Welcome to the fifth part of the MQTT Essentials, a blog series about the core features and concepts in the MQTT protocol. In this post we’ll focus on MQTT topics and best practices. As we have already mentioned, topics are used to decide on the MQTT broker which client receive which message. We will also discuss SYS-topics, which are special ones that reveal broker internal information. So let’s get started.
A topic is a UTF-8 string, which is used by the broker to filter messages for each connected client. A topic consists of one or more topic levels. Each topic level is separated by a forward slash (topic level separator).
In comparison to a message queue a topic is very lightweight. There is no need for a client to create the desired topic before publishing or subscribing to it, because a broker accepts each valid topic without any prior initialization.
Here are a few example topics:
USA/California/San Francisco/Silicon Valley
Noticeable is that each topic must have at least 1 character to be valid and it can also contain spaces. Also a topic is case-sensitive, which makes myhome/temperature and MyHome/Temperature two individual topics. Additionally the forward slash alone is a valid topic, too.
When a client subscribes to a topic it can use the exact topic the message was published to or it can subscribe to more topics at once by using wildcards. A wildcard can only be used when subscribing to topics and is not permitted when publishing a message. In the following we will look at the two different kinds one by one: single level and multi level wildcards.
Single Level: +
As the name already suggests, a single level wildcard is a substitute for one topic level. The plus symbol represents a single level wildcard in the topic.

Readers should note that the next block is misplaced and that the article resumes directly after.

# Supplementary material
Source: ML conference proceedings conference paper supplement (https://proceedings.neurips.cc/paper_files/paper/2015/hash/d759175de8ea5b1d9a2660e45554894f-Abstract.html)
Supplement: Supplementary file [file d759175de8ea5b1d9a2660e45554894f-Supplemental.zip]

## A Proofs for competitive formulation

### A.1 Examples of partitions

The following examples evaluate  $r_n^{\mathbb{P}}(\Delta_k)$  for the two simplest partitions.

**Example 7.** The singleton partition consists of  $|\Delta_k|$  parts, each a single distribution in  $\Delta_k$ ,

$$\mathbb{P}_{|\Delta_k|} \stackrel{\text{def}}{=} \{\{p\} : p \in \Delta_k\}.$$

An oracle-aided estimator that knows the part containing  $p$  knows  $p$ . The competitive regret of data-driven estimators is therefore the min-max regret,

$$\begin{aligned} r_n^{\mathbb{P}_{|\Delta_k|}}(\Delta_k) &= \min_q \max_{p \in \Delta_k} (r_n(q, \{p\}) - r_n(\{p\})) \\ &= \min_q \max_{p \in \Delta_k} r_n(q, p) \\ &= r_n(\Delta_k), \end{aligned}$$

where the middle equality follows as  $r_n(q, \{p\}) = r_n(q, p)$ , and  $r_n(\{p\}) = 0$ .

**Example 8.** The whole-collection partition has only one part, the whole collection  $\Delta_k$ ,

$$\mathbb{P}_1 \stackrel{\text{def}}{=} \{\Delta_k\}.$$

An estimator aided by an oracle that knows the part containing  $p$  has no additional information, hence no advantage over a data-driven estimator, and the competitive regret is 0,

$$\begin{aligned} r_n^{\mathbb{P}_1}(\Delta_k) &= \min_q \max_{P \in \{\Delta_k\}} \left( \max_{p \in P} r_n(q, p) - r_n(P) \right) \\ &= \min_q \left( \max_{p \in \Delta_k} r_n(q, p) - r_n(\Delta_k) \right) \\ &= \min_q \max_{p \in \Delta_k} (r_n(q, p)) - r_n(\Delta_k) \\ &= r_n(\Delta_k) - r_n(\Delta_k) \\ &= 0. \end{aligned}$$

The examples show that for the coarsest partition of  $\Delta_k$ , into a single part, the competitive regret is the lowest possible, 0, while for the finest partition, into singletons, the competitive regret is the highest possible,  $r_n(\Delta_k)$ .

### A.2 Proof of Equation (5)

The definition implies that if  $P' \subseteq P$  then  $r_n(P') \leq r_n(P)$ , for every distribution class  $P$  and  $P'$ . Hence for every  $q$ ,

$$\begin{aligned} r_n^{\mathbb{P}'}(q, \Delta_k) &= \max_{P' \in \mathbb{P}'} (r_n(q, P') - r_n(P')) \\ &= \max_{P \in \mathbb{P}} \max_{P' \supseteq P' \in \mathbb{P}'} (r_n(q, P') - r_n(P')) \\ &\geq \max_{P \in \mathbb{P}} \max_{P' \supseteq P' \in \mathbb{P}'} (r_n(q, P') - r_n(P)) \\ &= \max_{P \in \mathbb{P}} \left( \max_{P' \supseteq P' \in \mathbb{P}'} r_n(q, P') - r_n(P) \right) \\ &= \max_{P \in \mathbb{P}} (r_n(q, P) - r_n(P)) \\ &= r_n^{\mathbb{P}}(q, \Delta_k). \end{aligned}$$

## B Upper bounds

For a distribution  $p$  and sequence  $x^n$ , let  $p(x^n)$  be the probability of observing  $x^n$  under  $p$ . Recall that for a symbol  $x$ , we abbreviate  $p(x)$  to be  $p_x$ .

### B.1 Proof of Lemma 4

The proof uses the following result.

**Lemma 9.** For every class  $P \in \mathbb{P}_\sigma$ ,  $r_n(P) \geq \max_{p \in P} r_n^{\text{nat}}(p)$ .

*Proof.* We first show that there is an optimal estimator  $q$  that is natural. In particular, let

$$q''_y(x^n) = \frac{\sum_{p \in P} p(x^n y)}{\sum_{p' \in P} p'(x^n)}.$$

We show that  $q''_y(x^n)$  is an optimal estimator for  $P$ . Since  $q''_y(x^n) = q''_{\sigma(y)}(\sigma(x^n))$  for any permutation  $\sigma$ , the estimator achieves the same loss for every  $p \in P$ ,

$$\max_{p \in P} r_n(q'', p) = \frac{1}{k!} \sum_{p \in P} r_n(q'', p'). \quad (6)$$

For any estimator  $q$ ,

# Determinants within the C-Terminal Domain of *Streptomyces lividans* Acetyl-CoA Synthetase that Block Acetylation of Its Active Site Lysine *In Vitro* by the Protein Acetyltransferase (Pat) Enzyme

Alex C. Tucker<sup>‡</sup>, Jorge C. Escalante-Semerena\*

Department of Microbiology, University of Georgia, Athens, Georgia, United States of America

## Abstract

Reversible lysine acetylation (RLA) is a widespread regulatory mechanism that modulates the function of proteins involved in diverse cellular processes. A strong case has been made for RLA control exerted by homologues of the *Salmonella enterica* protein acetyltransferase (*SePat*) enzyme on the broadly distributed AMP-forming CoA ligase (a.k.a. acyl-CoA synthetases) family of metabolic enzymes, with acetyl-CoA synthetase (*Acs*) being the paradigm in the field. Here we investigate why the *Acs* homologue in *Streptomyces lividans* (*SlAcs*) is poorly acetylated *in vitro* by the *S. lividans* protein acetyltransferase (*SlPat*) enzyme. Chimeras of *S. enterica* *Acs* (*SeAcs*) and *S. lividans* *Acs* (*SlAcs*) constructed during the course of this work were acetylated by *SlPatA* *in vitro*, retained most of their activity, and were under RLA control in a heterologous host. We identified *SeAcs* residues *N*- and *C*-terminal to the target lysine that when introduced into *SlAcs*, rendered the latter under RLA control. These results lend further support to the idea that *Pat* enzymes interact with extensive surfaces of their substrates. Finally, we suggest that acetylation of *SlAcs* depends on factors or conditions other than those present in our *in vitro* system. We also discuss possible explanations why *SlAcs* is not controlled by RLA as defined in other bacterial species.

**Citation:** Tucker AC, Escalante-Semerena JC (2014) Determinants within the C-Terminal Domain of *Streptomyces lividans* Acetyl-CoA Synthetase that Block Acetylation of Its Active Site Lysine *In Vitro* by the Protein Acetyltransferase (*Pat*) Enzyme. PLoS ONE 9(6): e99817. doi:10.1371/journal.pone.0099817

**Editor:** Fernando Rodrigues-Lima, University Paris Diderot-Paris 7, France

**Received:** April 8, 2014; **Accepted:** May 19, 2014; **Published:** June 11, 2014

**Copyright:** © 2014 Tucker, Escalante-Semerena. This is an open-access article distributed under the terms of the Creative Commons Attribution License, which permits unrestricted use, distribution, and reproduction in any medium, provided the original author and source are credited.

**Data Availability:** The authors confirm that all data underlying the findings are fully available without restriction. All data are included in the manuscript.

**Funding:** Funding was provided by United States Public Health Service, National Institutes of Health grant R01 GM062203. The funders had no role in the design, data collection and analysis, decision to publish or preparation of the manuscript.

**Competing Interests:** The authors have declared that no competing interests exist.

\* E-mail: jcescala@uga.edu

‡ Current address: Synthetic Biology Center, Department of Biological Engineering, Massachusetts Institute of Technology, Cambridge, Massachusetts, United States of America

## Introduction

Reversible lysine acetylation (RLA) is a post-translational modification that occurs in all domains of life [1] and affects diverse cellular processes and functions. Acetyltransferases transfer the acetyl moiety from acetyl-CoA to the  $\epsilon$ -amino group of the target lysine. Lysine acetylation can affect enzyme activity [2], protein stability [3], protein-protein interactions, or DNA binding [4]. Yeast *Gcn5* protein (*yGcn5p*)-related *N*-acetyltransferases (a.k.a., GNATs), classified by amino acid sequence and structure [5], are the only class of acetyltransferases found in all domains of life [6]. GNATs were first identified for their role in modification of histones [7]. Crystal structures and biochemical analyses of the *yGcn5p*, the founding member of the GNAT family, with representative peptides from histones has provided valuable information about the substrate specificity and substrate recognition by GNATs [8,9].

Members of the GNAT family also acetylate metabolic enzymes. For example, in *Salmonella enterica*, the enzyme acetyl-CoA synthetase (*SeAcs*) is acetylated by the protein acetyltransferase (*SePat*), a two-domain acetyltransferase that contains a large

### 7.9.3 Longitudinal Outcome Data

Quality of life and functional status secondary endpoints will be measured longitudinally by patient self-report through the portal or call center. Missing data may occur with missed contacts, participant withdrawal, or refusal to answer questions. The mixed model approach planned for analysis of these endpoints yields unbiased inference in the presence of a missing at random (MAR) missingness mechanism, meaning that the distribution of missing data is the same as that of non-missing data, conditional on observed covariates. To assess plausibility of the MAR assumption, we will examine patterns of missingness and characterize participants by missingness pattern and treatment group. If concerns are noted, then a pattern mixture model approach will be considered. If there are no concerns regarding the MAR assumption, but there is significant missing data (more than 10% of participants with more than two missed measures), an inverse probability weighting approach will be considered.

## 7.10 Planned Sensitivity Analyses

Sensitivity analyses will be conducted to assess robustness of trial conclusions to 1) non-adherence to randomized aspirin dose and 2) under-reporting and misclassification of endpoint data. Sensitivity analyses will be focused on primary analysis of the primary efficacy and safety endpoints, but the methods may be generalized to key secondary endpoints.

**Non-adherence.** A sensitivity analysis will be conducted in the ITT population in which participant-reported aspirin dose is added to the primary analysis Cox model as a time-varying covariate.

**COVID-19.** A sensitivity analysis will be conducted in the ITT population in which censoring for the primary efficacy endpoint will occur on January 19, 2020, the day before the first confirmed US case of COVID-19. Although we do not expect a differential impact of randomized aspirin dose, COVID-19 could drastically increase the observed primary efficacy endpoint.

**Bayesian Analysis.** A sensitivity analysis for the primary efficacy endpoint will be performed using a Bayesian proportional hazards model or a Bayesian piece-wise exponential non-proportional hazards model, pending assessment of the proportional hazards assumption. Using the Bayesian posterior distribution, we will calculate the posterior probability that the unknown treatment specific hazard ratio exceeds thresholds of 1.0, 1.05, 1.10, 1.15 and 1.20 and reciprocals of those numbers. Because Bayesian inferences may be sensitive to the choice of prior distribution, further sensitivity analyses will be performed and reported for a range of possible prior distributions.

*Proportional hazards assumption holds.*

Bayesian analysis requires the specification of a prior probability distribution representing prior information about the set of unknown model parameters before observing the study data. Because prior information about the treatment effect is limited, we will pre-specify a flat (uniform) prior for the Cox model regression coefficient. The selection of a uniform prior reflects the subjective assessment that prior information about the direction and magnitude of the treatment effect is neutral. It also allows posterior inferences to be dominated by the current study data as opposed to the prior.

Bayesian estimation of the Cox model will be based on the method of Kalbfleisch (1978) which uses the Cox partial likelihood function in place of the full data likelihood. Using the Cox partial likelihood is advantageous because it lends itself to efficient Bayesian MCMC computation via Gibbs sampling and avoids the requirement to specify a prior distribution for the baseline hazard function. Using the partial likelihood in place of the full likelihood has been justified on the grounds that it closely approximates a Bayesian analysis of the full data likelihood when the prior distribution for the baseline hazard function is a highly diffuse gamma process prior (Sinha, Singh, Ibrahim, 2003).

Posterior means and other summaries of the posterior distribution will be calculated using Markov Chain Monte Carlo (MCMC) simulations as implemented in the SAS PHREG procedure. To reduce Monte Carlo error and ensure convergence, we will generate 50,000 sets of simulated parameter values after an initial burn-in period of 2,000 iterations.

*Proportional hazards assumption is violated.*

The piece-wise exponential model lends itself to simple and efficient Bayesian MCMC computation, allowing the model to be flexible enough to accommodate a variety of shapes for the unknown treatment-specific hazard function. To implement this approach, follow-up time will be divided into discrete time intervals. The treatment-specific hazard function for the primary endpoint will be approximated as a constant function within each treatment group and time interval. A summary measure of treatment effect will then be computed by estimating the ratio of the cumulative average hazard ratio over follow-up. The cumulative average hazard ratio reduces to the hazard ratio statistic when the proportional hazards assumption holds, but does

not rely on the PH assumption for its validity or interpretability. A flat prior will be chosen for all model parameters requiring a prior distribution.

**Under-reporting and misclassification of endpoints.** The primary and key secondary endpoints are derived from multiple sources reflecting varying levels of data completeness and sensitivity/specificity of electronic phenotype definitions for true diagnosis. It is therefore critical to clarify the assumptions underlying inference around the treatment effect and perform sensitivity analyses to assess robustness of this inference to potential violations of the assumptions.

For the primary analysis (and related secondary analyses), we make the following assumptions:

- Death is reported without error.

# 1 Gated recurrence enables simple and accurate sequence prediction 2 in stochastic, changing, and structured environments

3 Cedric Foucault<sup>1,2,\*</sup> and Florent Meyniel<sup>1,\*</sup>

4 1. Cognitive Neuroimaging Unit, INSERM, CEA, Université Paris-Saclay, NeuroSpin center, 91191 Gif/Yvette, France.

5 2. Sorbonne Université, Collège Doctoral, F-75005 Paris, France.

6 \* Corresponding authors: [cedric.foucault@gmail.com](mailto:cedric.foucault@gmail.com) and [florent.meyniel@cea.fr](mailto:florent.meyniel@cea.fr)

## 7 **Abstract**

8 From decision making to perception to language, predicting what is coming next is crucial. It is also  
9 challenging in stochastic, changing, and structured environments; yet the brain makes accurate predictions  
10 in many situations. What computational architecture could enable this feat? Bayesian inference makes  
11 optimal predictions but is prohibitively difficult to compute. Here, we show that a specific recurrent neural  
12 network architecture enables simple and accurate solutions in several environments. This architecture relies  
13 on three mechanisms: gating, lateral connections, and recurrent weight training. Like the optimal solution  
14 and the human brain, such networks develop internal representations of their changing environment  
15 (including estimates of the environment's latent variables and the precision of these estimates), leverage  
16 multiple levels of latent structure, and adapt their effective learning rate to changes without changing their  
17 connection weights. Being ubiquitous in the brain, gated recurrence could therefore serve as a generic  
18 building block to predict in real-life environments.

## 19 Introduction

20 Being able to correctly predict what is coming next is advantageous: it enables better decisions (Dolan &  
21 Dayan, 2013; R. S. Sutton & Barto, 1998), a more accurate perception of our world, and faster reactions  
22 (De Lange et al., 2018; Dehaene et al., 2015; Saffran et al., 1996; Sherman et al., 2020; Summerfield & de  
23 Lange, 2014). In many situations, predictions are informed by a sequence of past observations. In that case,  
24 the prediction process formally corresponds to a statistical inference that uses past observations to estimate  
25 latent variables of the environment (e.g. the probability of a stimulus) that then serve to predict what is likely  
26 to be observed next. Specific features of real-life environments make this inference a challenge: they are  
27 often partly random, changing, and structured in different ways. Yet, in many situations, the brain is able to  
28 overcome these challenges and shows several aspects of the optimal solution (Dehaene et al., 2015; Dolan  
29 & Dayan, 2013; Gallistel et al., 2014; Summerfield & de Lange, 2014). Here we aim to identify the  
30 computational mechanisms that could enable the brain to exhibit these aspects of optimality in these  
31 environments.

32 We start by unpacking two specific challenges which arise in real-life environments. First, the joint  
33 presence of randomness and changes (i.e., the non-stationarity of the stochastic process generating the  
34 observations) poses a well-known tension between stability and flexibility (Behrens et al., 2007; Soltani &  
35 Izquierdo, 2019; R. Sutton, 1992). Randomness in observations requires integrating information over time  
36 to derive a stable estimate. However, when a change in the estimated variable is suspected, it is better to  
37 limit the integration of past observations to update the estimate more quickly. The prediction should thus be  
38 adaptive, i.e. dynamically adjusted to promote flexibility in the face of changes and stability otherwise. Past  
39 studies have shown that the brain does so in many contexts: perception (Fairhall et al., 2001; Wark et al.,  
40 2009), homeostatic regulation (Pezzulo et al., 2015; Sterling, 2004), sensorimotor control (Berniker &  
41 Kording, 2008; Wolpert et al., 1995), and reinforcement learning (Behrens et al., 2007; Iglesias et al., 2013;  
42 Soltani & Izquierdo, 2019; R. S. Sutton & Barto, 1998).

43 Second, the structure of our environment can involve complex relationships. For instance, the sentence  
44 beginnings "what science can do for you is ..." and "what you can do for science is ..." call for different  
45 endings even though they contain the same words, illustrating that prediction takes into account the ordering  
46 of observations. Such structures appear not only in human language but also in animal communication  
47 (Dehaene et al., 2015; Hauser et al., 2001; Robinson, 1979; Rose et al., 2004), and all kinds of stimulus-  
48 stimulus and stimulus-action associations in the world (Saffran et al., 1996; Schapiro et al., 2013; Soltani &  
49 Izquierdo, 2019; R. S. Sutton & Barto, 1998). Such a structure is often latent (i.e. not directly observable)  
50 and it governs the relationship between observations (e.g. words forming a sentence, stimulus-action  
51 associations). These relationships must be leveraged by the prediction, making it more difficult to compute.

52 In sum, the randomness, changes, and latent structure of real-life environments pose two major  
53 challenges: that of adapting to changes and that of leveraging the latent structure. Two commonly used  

Any topic matches to a topic including the single level wildcard if it contains an arbitrary string instead of the wildcard. For example a subscription to myhome/groundfloor/+/temperature would match or not match the following topics:
Multi Level: #
While the single level wildcard only covers one topic level, the multi level wildcard covers an arbitrary number of topic levels. In order to determine the matching topics it is required that the multi level wildcard is always the last character in the topic and it is preceded by a forward slash.
A client subscribing to a topic with a multi level wildcard is receiving all messages, which start with the pattern before the wildcard character, no matter how long or deep the topics will get. If you only specify the multilevel wildcard as a topic (#), it means that you will get every message sent over the MQTT broker. If you expect high throughput this is an anti pattern, see the best practices below.
Topics beginning with $
In general you are totally free in naming your topics, but there is one exception. Each topic, which starts with a $-symbol will be treated specially and is for example not part of the subscription when subscribing to #. These topics are reserved for internal statistics of the MQTT broker. Therefore it is not possible for clients to publish messages to these topics. At the moment there is no clear official standardization of topics that must be published by the broker. It is common practice to use $SYS/ for all these information and a lot of brokers implement these, but in different formats. One suggestion on $SYS-topics is in the MQTT GitHub wiki and here are some examples:
So these were the basics about MQTT message topics. As you can see, MQTT topics are dynamically and give great flexibility to its creator. But when using these in real world applications there are some challenges you should be aware of. We collected our best practices, we learned the last year with excessively using MQTT in various projects. We are open to other suggestions or a discussion about these in the comments, so let us know your best practices or if you disagree with one of our best practices!